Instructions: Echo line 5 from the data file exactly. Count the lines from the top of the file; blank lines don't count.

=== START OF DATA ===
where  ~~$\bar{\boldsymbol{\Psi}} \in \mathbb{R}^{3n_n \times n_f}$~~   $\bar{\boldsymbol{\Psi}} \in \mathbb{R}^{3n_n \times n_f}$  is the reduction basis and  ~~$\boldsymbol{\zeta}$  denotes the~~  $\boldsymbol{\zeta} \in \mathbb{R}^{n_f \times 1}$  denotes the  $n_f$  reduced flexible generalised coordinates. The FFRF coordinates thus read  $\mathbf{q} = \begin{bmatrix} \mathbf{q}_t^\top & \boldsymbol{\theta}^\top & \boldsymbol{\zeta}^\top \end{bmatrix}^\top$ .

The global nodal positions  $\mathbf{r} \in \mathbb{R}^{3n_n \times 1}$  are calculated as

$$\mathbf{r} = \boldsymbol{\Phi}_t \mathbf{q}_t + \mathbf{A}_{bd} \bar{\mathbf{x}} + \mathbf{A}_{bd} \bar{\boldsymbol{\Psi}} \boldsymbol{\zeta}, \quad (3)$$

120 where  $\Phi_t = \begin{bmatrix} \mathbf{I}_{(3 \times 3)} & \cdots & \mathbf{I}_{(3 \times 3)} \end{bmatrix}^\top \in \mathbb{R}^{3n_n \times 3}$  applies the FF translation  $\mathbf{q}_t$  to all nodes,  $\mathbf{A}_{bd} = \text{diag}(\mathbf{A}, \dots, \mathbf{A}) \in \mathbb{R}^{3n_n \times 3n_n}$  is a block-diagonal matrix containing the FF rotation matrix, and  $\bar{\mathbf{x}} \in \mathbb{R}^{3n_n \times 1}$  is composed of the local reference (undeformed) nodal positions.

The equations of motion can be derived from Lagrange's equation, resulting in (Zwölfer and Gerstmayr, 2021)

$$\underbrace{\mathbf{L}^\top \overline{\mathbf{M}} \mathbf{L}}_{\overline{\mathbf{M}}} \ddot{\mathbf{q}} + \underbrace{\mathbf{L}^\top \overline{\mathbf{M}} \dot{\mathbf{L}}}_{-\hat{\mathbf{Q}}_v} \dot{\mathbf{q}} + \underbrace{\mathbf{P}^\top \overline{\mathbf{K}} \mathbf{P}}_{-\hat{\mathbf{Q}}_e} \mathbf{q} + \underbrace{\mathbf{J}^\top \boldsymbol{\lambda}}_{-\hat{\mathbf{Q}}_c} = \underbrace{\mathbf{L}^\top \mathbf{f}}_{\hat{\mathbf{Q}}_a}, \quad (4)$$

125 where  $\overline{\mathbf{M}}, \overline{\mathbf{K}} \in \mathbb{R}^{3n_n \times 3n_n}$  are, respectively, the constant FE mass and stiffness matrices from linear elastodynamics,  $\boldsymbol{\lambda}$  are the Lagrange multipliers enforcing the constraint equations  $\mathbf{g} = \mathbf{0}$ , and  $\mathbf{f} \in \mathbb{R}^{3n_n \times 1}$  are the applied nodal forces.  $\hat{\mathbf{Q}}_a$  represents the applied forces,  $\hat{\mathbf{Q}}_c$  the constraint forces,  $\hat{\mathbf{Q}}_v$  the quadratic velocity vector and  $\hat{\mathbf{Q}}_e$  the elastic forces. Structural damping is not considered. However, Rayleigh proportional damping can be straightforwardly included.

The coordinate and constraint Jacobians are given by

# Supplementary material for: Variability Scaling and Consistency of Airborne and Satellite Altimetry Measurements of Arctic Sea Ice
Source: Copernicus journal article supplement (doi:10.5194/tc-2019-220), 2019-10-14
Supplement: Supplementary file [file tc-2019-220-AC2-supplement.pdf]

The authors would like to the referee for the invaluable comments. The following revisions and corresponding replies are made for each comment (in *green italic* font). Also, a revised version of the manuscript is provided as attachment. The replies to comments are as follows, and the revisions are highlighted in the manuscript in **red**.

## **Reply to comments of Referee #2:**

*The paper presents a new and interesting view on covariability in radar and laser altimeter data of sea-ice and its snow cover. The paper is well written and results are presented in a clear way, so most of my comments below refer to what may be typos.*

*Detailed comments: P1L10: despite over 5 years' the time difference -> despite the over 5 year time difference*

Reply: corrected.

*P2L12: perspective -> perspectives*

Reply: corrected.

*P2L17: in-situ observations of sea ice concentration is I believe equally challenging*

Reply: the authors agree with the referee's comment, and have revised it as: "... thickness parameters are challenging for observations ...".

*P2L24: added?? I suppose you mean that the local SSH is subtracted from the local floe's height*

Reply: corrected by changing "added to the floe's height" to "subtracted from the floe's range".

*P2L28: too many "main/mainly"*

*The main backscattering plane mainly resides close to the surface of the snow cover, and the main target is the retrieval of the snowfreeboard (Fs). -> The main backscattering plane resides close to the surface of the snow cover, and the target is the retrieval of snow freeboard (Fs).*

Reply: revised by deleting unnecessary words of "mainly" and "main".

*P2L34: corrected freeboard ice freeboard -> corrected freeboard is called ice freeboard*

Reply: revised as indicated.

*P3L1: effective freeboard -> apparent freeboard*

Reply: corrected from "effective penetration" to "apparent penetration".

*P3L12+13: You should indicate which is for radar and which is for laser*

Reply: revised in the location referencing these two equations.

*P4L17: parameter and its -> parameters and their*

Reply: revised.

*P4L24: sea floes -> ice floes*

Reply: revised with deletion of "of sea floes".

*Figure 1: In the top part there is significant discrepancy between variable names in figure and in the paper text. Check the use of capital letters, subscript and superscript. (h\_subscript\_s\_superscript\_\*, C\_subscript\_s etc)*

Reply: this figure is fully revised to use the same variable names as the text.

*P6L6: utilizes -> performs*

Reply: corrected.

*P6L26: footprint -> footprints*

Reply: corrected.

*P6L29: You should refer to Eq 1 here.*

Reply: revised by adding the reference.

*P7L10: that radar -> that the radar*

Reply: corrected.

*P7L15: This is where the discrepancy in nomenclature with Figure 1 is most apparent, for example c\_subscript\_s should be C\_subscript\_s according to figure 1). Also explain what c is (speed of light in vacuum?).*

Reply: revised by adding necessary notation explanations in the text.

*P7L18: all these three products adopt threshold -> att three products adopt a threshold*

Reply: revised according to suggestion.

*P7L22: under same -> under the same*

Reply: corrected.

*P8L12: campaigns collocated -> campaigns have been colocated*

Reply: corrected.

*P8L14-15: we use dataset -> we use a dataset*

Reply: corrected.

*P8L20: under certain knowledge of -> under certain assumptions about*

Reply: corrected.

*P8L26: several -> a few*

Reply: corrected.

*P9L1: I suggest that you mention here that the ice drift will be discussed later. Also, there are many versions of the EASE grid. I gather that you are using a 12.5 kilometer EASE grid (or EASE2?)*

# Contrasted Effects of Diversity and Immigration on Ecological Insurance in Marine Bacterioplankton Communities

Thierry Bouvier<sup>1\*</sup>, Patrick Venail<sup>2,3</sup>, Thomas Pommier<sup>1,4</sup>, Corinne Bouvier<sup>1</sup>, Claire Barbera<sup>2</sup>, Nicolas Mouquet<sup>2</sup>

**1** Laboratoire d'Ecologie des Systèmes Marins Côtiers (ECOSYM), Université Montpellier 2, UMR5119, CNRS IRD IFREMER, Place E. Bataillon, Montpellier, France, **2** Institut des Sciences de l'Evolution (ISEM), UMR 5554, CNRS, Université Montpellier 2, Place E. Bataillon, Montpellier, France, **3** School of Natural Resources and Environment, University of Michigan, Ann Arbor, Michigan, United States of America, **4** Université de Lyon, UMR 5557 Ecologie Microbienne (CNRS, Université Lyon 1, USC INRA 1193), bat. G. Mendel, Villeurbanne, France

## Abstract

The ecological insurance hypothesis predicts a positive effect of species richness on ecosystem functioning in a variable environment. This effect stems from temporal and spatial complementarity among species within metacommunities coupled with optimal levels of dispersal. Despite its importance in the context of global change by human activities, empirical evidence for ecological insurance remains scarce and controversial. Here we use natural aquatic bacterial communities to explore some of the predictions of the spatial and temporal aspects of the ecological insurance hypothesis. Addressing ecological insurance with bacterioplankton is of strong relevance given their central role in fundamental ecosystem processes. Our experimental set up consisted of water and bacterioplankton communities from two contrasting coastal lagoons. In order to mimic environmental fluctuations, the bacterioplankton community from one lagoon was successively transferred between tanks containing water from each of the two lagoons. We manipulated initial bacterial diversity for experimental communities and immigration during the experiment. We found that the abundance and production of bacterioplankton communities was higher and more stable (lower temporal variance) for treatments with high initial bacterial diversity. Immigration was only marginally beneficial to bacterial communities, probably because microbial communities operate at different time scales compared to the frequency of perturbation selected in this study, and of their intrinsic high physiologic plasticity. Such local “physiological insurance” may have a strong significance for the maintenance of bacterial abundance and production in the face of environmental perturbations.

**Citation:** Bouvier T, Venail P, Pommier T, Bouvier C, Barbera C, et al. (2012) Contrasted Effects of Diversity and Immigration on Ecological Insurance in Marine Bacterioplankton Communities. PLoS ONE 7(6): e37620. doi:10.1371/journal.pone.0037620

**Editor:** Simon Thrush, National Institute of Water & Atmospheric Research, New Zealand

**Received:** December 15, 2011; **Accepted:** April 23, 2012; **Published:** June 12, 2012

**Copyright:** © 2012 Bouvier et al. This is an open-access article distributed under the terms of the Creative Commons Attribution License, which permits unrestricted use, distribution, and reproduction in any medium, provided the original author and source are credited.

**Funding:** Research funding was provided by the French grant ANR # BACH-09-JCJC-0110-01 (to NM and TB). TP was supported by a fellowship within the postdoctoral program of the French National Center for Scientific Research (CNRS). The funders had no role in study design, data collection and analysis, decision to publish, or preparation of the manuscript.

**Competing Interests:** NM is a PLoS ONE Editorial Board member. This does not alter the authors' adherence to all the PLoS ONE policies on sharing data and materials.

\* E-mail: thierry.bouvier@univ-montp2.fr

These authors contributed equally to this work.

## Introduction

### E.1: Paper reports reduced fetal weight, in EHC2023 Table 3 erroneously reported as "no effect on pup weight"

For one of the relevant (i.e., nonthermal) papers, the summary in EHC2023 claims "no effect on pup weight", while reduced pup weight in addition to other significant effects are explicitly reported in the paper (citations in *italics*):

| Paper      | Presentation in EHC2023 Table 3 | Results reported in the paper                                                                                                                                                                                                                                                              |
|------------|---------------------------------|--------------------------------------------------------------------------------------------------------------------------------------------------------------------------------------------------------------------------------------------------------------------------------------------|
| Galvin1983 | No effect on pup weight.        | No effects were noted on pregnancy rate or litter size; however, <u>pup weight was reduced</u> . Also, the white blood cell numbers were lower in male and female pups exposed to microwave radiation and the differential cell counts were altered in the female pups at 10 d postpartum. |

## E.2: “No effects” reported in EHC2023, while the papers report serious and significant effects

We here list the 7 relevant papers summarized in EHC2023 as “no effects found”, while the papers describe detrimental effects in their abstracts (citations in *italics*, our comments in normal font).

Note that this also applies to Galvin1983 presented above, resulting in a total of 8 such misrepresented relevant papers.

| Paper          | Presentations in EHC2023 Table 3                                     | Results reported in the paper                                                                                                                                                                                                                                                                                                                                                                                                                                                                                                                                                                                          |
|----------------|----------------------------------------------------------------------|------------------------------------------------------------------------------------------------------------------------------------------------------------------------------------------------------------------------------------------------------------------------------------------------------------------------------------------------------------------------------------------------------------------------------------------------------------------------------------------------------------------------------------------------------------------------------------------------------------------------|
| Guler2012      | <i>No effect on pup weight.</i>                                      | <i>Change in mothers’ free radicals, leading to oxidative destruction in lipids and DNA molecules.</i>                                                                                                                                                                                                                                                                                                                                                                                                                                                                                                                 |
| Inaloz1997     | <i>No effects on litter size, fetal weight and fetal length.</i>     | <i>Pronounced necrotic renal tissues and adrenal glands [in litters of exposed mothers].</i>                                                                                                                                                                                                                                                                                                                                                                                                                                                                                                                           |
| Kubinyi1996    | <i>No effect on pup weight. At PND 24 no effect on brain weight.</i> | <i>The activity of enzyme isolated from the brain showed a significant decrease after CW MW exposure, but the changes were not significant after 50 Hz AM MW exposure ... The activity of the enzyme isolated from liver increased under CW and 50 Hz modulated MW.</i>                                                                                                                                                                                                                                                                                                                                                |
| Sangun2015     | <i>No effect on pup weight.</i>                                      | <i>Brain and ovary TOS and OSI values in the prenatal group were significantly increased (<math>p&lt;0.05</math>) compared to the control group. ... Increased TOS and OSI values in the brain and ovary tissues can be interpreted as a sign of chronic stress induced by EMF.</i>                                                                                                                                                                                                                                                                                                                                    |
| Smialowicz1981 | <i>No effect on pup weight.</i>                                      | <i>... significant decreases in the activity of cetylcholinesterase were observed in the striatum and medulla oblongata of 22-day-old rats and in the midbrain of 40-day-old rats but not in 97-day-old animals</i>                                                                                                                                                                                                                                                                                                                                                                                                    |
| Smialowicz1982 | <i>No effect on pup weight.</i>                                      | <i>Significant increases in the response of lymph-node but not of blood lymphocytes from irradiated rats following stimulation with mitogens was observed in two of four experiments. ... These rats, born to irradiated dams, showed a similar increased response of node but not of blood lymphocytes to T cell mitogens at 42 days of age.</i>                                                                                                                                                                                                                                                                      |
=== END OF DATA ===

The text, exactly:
The equations of motion can be derived from Lagrange's equation, resulting in (Zwölfer and Gerstmayr, 2021)